Here is an interesting article by John Derbyshire: "Isms and Wasms: The pros and cons of ideology." According to the author's understanding, an ideology divides the world into two camps, one of which is the repository of all good and the other the locus of all, well, evil. Those in the "opposing" camp are considered beyond the pale and are treated as such, sometimes at the cost of millions of lives.
The age of isms did not end with the Cold War. Nationalism aside, plenty of other isms refused to become wasms in 1989, and a few new isms have sprung up. There are still ideologues among us, and I believe there always will be. The ideologue is a standard human type, found in all times and places. His style of thinking is one of the ways human beings have devised for making sense of the world. I think we are all capable of ideological thinking in some degree; in that sense, the pure ideologue — the "ist" behind the "ism" — is just displaying a common human tendency in hypertrophied form.
Yet Derbyshire admits that ideologies have often originated much that is good. This is what I would call the moment of truth in these ideologies. For example:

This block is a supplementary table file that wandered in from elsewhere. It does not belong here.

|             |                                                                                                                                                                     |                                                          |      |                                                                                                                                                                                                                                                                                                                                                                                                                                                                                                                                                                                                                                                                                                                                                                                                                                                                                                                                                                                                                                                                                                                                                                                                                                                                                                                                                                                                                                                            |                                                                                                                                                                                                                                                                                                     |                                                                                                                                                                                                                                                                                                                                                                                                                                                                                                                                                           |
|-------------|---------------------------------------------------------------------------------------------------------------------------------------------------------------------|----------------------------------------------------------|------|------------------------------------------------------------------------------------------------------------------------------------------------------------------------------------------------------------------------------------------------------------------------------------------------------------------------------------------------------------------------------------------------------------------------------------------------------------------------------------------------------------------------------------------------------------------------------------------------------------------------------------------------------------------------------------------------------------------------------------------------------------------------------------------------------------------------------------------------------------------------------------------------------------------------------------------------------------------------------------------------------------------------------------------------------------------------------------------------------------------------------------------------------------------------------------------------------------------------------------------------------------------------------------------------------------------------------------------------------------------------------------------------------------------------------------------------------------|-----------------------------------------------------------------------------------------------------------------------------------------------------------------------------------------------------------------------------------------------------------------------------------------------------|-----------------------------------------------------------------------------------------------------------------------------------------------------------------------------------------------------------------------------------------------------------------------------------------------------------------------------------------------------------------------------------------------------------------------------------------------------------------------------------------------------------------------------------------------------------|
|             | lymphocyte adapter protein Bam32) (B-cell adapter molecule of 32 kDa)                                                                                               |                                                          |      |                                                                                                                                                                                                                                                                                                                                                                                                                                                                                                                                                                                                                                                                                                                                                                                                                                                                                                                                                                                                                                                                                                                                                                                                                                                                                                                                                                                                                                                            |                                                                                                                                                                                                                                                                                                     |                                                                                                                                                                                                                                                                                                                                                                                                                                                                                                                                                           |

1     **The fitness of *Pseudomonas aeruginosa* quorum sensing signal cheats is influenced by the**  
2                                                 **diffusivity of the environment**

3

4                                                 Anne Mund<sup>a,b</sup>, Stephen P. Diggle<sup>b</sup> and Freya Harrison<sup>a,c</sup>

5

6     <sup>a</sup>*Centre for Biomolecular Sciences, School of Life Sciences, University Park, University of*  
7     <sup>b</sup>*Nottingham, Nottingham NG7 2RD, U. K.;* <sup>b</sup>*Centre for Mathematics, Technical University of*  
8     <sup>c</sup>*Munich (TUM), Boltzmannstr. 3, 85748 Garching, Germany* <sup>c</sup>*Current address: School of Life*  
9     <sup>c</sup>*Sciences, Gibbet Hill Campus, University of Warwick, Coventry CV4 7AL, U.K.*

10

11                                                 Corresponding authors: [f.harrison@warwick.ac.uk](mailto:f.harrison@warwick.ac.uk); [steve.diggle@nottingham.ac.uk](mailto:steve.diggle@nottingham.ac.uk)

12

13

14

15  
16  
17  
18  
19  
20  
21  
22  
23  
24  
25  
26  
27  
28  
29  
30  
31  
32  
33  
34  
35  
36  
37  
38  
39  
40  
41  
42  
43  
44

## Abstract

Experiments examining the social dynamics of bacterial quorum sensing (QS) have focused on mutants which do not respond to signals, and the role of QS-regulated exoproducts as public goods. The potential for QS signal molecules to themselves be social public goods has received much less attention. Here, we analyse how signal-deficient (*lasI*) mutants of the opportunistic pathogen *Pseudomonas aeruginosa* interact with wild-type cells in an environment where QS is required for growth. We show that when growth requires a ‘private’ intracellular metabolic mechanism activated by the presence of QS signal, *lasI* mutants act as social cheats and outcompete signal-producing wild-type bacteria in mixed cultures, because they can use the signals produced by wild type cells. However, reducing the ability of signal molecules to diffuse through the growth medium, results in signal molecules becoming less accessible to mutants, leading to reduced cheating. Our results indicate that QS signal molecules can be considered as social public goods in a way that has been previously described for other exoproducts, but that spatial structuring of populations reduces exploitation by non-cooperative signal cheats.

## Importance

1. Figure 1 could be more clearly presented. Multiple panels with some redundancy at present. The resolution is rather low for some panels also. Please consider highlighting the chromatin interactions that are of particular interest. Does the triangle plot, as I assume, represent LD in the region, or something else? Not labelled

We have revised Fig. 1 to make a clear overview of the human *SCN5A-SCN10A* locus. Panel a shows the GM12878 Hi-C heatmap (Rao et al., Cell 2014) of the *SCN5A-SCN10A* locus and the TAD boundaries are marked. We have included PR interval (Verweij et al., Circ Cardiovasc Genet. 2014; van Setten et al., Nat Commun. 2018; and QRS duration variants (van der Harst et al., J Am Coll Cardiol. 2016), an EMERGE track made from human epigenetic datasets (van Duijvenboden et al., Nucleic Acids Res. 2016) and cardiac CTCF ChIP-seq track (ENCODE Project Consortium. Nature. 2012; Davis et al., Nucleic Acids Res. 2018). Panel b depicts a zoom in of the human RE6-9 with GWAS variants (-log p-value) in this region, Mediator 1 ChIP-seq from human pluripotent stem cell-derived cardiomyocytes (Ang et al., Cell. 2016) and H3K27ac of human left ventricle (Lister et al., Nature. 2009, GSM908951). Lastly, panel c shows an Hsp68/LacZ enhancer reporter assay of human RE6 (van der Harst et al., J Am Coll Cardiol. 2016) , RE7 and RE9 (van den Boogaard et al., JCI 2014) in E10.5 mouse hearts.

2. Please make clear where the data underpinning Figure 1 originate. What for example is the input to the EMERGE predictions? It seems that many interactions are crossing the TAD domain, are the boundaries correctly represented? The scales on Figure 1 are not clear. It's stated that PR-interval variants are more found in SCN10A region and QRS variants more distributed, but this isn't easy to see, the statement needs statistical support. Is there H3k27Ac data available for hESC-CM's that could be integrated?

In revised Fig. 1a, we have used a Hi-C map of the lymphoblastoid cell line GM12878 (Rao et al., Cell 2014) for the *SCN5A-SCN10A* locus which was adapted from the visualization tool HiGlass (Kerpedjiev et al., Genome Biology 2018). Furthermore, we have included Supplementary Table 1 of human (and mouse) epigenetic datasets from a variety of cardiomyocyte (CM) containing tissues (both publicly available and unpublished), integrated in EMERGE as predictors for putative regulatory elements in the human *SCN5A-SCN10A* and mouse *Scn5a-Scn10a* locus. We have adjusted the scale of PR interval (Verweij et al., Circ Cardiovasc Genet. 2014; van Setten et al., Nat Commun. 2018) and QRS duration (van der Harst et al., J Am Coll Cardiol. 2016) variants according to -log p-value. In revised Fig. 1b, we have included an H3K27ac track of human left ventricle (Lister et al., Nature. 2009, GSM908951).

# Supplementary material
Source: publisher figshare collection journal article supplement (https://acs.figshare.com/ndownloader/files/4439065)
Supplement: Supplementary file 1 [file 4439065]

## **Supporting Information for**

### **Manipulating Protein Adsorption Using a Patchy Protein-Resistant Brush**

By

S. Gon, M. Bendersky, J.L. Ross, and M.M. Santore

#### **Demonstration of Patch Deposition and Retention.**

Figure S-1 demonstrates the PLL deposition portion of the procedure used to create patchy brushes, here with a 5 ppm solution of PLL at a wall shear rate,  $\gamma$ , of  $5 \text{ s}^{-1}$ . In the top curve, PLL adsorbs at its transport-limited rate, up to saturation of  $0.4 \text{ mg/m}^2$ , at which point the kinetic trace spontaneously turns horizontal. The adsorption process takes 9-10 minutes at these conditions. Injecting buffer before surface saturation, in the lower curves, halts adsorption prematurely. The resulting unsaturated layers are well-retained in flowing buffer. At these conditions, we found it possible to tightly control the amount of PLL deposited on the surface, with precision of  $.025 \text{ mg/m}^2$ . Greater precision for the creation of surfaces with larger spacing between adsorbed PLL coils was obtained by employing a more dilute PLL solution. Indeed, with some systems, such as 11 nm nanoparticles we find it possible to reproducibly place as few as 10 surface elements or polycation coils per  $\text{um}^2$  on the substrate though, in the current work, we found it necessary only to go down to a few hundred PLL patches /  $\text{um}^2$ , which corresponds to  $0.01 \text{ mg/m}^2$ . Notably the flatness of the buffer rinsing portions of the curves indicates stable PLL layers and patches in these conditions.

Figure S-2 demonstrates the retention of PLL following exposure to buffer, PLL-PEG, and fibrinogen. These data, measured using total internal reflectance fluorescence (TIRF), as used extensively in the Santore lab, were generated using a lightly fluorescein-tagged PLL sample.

The great — and, to my mind, wonderful — improvements in the lives of working-class people that came about in the middle 20th century were driven partly by Marxist and Leninist ideologues, who would have murdered the bourgeoisie en masse if given the opportunity. . . . Similarly, the U.S. civil-rights movement of the 1960s included in its ranks some people who were, or soon became, white-hating racist ideologues; but I'm still glad we got rid of Jim Crow. . . . Once an ism has served its historical purpose, however, I'd like to see it become a wasm as speedily as possible. The fact that this hardly ever happens is, it seems to me, the source of many of the world's ills and annoyances.